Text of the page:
The library was established in 1928 by the Academy of Motion Picture Arts and Sciences and is named for its first librarian, Margaret Herrick. Herrick oversaw the collection from 1936 to 1943 and later served as the Academy's director. She held the directorship for nearly thirty years and is an unsung heroine of Hollywood -- you can read more about her, here.

The reading room

The Herrick, as it's more casually known, is used by researchers from around the world, all of whom must visit the facility in person as it's a non-circulating reference collection. But that's really no hardshipit's a gorgeous place.

Built in the Spanish Colonial Revival style, the 1928 structure was originally a water treatment plant. The Academy took ownership in 1991, and has since been giving treatment to some of the film industries most wonderful (and often little known) treasures. I knew of its magazine and book collections but until the tour, I had no idea that they actually have an in-house conservation department and a collection of posters and other objects. The Herrick's latest push has been, as with so many libraries, digitizing its collections. Spend some time exploring the site, they've done a bang up job!

My visit backstage, so to speak, was courtesy of friends at the ARLIS, the Art Libraries Society of North America, who kindly let me tag along with them. Below are a few images and highlights from the tour (pardon the slight blur of some... we were moving through pretty quickly):

A few stills from the collection laid out for us to see.

Throughout the offices and storage facilities are wonderful blow-ups of film stills from the archive.

This was my favorite! Wasn't sure who she was, but a friend from the film history site Cinema Gumbo identified her as Bette Davis. Thanks, JM!

Miles of storage shelving, but it's a vast collection and will out-grow this space soon.

Jimmy Stewart and Elvis Presley... together forever.

Anne Coco, the graphic arts librarian, shares a few items from the collection.

The poster collection is really the jewel in the Herrick's crown.

A rare poster from the 1927 production Wings.

This was particularly wonderful to see in the conservation lab: a newly repaired model airplane used in Wings. You can see them in the original trailer, here!

And, proving Hollywood is nothing without its fans, an album of Mary Pickford-related clippings created by a star-struck moviegoer and given to the library. 

Sunday, September 16, 2012

Capturing harmony: photographer Tomo Isoyama

Tomo Isoyama, at home in Santa Monica, California.

An invite into an artist's studio may be the most generous invite of all, and when it's a studio that doubles as their home, it's an even greater honor. To my mind, allowing friends, curators and collectors into such a private realm would require more nerve than hanging a show in a gallery! There's a magic to creation, and letting people enter the space where that energy is developed and expressed is hugely revealing. It's even a tiny bit demystifying at first, seeing an artist's process, but then the pendulum swings back to mesmerization as one looks around and sees objects reflective of the artist's outside interests, and realizes how all of those mementos and touchstones swirl into the mix.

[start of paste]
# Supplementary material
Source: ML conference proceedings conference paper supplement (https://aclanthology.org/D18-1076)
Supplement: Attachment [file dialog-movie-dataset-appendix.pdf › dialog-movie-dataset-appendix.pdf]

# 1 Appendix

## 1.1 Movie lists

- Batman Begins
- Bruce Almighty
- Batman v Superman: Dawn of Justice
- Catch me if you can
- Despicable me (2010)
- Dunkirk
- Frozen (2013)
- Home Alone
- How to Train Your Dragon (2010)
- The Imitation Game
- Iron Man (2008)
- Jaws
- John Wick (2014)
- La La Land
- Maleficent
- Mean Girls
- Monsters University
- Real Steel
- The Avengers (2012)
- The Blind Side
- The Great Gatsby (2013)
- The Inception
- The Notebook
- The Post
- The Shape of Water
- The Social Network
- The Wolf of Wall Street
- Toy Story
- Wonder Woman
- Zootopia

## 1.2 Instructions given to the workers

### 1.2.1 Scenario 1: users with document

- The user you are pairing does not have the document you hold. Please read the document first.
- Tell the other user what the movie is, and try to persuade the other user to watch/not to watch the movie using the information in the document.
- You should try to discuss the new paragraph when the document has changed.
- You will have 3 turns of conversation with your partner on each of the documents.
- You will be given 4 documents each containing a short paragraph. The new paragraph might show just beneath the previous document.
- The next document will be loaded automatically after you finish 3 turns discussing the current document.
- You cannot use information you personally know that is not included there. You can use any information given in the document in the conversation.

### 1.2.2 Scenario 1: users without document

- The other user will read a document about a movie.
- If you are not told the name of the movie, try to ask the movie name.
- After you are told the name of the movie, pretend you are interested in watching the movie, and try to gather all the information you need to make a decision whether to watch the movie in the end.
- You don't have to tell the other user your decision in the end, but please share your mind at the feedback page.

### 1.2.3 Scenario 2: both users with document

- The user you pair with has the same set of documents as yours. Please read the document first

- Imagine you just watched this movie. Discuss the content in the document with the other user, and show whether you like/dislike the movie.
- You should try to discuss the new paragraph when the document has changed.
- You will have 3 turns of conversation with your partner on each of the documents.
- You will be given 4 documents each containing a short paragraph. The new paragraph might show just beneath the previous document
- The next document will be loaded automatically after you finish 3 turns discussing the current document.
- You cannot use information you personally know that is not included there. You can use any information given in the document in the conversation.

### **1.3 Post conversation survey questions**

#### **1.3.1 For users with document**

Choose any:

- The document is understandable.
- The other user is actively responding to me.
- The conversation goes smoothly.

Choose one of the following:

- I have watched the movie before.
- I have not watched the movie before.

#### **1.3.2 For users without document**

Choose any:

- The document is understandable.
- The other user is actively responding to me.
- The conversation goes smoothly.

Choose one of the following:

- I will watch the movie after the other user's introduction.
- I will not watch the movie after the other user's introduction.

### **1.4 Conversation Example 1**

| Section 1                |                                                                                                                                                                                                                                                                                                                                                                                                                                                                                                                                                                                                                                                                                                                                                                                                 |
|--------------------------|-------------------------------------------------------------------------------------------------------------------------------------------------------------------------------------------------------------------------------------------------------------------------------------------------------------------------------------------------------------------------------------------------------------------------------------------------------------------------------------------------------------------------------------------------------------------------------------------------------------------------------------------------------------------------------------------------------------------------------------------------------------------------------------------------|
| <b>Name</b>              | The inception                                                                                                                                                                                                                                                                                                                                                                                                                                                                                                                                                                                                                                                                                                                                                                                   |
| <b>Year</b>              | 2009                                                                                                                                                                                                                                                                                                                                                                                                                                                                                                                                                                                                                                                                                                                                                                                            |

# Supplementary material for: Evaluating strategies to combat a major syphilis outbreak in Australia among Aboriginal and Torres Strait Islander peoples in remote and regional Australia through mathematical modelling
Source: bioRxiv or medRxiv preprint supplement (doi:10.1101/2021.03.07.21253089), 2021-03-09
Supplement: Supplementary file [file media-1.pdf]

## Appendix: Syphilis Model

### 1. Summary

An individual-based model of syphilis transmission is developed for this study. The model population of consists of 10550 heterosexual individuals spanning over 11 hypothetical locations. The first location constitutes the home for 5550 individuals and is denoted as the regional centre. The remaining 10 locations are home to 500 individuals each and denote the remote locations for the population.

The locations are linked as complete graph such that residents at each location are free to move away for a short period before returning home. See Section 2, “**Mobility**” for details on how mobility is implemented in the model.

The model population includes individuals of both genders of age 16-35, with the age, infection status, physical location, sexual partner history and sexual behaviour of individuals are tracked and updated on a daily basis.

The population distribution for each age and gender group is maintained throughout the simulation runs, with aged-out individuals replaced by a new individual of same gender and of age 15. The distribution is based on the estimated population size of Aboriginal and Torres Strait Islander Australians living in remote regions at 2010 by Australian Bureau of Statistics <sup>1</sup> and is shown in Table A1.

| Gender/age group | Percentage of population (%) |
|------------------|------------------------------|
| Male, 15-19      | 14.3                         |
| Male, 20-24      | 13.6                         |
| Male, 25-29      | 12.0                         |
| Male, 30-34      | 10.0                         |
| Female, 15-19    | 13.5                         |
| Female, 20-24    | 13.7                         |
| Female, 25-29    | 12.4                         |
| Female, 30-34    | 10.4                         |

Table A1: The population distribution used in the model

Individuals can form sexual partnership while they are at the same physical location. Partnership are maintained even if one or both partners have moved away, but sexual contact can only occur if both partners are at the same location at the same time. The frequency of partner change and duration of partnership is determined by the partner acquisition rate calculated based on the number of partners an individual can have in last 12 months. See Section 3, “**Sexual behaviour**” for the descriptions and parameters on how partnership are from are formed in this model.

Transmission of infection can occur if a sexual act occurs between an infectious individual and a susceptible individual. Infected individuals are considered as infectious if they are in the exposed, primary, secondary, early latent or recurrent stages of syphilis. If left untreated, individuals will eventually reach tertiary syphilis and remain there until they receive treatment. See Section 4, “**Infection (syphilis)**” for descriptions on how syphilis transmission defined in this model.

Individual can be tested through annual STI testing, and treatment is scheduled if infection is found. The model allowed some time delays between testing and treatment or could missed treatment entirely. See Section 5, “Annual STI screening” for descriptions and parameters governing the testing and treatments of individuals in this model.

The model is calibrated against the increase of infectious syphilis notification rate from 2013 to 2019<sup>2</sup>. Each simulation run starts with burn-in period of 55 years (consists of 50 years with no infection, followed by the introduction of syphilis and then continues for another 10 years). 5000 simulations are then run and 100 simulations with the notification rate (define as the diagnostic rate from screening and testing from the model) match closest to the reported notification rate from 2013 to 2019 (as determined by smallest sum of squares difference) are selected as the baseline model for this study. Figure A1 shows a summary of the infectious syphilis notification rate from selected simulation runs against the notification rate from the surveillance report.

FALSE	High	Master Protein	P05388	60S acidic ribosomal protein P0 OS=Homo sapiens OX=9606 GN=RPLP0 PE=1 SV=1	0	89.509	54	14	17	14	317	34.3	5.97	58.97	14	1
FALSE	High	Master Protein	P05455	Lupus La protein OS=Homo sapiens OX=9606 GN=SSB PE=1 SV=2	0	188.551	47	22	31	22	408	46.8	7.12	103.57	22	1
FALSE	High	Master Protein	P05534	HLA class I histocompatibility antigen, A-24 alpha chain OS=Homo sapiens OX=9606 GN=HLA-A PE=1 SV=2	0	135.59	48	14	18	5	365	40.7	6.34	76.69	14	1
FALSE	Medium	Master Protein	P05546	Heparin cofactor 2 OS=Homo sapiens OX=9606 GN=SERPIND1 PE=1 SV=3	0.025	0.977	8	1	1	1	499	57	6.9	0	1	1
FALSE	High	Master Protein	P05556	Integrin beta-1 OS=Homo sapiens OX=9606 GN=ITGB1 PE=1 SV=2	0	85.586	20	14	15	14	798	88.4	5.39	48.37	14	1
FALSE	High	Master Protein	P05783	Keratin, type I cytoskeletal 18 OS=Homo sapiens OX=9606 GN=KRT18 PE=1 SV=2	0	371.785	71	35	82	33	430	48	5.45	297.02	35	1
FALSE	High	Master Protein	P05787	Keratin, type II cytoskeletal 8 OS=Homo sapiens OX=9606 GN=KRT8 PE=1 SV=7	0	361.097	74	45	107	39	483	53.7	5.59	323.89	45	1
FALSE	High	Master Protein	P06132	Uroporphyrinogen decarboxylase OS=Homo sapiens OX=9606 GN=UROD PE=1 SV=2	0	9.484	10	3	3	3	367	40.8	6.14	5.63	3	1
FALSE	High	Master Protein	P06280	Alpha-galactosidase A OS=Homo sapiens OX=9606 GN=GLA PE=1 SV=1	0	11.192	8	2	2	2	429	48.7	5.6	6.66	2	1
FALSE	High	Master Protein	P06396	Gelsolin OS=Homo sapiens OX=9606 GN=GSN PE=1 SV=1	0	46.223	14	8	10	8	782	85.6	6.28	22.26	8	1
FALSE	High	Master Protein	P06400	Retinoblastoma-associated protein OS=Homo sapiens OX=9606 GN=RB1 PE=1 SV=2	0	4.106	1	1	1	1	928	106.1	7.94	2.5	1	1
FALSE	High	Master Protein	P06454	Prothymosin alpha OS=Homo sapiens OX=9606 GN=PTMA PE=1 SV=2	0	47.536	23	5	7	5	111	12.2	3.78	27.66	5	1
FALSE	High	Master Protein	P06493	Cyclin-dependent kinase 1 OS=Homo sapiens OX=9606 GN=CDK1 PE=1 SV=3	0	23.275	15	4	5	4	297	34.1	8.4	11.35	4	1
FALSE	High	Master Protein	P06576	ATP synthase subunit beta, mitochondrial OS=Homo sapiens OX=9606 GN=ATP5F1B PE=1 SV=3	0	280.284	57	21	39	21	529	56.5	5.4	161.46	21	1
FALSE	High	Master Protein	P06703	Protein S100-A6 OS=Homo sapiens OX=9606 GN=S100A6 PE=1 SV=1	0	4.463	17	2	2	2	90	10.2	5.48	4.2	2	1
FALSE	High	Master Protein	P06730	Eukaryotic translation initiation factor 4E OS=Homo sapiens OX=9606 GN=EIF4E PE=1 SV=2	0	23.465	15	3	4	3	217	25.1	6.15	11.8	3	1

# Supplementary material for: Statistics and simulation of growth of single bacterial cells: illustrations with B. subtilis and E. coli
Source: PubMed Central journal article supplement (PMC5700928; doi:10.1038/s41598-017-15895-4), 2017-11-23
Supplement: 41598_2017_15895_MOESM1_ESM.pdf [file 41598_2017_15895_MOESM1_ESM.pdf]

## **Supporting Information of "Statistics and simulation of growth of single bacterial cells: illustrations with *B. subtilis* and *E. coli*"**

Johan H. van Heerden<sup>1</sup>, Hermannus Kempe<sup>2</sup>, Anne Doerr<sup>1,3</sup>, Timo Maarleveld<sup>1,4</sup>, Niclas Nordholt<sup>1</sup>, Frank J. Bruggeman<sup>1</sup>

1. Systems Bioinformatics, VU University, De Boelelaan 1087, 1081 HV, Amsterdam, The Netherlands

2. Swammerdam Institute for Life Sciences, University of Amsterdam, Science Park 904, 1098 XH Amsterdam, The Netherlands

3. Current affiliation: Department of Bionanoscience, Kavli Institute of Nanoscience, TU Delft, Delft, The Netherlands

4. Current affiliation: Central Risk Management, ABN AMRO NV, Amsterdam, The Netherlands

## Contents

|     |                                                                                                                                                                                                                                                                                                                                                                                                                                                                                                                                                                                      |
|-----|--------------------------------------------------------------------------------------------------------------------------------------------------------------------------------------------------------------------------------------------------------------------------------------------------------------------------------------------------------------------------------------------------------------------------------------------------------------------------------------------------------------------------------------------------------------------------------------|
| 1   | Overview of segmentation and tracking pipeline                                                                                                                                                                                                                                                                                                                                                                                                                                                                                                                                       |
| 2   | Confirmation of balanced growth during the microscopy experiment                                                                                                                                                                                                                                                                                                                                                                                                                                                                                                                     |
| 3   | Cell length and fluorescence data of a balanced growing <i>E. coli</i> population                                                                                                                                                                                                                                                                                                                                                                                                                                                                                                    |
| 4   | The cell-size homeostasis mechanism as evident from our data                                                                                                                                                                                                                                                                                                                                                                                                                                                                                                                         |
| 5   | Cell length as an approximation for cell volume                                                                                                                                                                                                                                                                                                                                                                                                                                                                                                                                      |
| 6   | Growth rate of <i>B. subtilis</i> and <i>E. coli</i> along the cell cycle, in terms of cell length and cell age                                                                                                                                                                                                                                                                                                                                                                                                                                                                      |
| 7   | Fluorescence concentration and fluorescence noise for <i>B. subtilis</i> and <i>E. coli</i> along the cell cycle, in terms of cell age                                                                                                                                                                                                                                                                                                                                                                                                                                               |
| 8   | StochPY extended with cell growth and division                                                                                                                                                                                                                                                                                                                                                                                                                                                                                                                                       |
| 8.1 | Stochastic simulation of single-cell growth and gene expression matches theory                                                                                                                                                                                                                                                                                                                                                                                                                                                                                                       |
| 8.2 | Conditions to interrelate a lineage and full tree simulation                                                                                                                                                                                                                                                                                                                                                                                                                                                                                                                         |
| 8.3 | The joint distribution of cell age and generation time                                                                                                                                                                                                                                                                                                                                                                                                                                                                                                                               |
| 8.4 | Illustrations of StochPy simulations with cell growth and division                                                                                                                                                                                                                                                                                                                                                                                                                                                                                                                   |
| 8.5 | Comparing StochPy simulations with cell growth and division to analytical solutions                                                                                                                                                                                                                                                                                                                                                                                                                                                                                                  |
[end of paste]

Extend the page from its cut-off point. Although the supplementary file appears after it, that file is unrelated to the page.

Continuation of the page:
I first met photographer Tomo Isoyama about ten years ago, when he had a work/live loft in downtown Los Angeles. We'd not seen him for a very long time, so when my boyfriend and I had the chance to reconnect with him this summer and visit his new place in Santa Monica, I was ecstatic.

Tomo, who was born in Tokyo, primarily focuses his work on the subject of cultural identity. He earned his MFA from USC's Roski School of Fine Arts in 2000, and has exhibited national and internationally. If it's not already apparent, I'm a huge fan of his photography. It's meticulous, smart, and exquisitely made. So it really wasn't at all surprising to find that his home and studio reflect those same attributes.

What I especially loved seeing were the many personal items set thoughtfully around the studio, like orderly footnotes at the bottom of an essay: books on art and medicine; a maneki-neko, or lucky cat; and that icon of American sport, a baseball and glove. (Even the appetizers brought down by Tomo's wife were artistically presented.)

I left inspired not just by Tomo and his work, but by the way he and his wife have merged their lives, their careers, and their homesomething my boyfriend and I are trying to do, too. The result of their efforts is a beautifully unified whole, and a tremendous expression of peace.